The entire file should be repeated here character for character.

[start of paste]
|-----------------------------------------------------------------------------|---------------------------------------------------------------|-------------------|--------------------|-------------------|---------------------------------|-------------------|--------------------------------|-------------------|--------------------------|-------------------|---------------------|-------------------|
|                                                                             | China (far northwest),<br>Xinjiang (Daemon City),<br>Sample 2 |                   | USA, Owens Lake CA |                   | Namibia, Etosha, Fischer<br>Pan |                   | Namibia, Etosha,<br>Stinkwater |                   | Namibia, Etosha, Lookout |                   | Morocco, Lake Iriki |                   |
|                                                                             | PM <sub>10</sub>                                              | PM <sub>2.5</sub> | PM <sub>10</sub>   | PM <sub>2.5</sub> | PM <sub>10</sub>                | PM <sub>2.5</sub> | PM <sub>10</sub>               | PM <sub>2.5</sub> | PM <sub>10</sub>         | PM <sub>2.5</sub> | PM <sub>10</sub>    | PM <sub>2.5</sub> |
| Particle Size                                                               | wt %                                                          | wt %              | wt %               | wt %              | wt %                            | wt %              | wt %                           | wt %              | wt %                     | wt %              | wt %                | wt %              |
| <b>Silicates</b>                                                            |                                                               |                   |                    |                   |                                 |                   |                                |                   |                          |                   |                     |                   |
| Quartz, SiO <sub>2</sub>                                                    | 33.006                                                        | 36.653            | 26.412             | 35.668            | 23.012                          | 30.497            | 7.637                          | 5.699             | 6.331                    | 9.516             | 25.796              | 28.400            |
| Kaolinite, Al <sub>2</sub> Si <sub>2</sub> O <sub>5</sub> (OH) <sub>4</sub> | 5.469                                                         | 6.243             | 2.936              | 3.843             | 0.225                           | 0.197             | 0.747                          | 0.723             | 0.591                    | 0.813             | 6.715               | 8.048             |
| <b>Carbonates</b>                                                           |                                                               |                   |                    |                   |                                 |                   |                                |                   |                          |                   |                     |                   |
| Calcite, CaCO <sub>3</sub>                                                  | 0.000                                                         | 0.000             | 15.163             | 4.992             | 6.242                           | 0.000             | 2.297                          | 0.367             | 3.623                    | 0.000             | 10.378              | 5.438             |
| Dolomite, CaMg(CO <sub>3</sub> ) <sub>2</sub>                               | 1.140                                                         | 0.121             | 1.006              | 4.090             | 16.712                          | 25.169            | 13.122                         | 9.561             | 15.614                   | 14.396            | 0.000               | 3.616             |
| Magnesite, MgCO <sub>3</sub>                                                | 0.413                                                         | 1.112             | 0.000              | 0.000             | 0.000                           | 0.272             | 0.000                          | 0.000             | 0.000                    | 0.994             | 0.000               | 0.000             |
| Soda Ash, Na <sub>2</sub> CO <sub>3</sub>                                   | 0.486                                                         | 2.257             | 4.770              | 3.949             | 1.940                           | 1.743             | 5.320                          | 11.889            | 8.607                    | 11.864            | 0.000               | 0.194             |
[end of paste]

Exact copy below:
|-----------------------------------------------------------------------------|---------------------------------------------------------------|-------------------|--------------------|-------------------|---------------------------------|-------------------|--------------------------------|-------------------|--------------------------|-------------------|---------------------|-------------------|
|                                                                             | China (far northwest),<br>Xinjiang (Daemon City),<br>Sample 2 |                   | USA, Owens Lake CA |                   | Namibia, Etosha, Fischer<br>Pan |                   | Namibia, Etosha,<br>Stinkwater |                   | Namibia, Etosha, Lookout |                   | Morocco, Lake Iriki |                   |
|                                                                             | PM <sub>10</sub>                                              | PM <sub>2.5</sub> | PM <sub>10</sub>   | PM <sub>2.5</sub> | PM <sub>10</sub>                | PM <sub>2.5</sub> | PM <sub>10</sub>               | PM <sub>2.5</sub> | PM <sub>10</sub>         | PM <sub>2.5</sub> | PM <sub>10</sub>    | PM <sub>2.5</sub> |
| Particle Size                                                               | wt %                                                          | wt %              | wt %               | wt %              | wt %                            | wt %              | wt %                           | wt %              | wt %                     | wt %              | wt %                | wt %              |
| <b>Silicates</b>                                                            |                                                               |                   |                    |                   |                                 |                   |                                |                   |                          |                   |                     |                   |
| Quartz, SiO <sub>2</sub>                                                    | 33.006                                                        | 36.653            | 26.412             | 35.668            | 23.012                          | 30.497            | 7.637                          | 5.699             | 6.331                    | 9.516             | 25.796              | 28.400            |
| Kaolinite, Al <sub>2</sub> Si <sub>2</sub> O <sub>5</sub> (OH) <sub>4</sub> | 5.469                                                         | 6.243             | 2.936              | 3.843             | 0.225                           | 0.197             | 0.747                          | 0.723             | 0.591                    | 0.813             | 6.715               | 8.048             |
| <b>Carbonates</b>                                                           |                                                               |                   |                    |                   |                                 |                   |                                |                   |                          |                   |                     |                   |
| Calcite, CaCO <sub>3</sub>                                                  | 0.000                                                         | 0.000             | 15.163             | 4.992             | 6.242                           | 0.000             | 2.297                          | 0.367             | 3.623                    | 0.000             | 10.378              | 5.438             |
| Dolomite, CaMg(CO <sub>3</sub> ) <sub>2</sub>                               | 1.140                                                         | 0.121             | 1.006              | 4.090             | 16.712                          | 25.169            | 13.122                         | 9.561             | 15.614                   | 14.396            | 0.000               | 3.616             |
| Magnesite, MgCO <sub>3</sub>                                                | 0.413                                                         | 1.112             | 0.000              | 0.000             | 0.000                           | 0.272             | 0.000                          | 0.000             | 0.000                    | 0.994             | 0.000               | 0.000             |
| Soda Ash, Na <sub>2</sub> CO <sub>3</sub>                                   | 0.486                                                         | 2.257             | 4.770              | 3.949             | 1.940                           | 1.743             | 5.320                          | 11.889            | 8.607                    | 11.864            | 0.000               | 0.194             |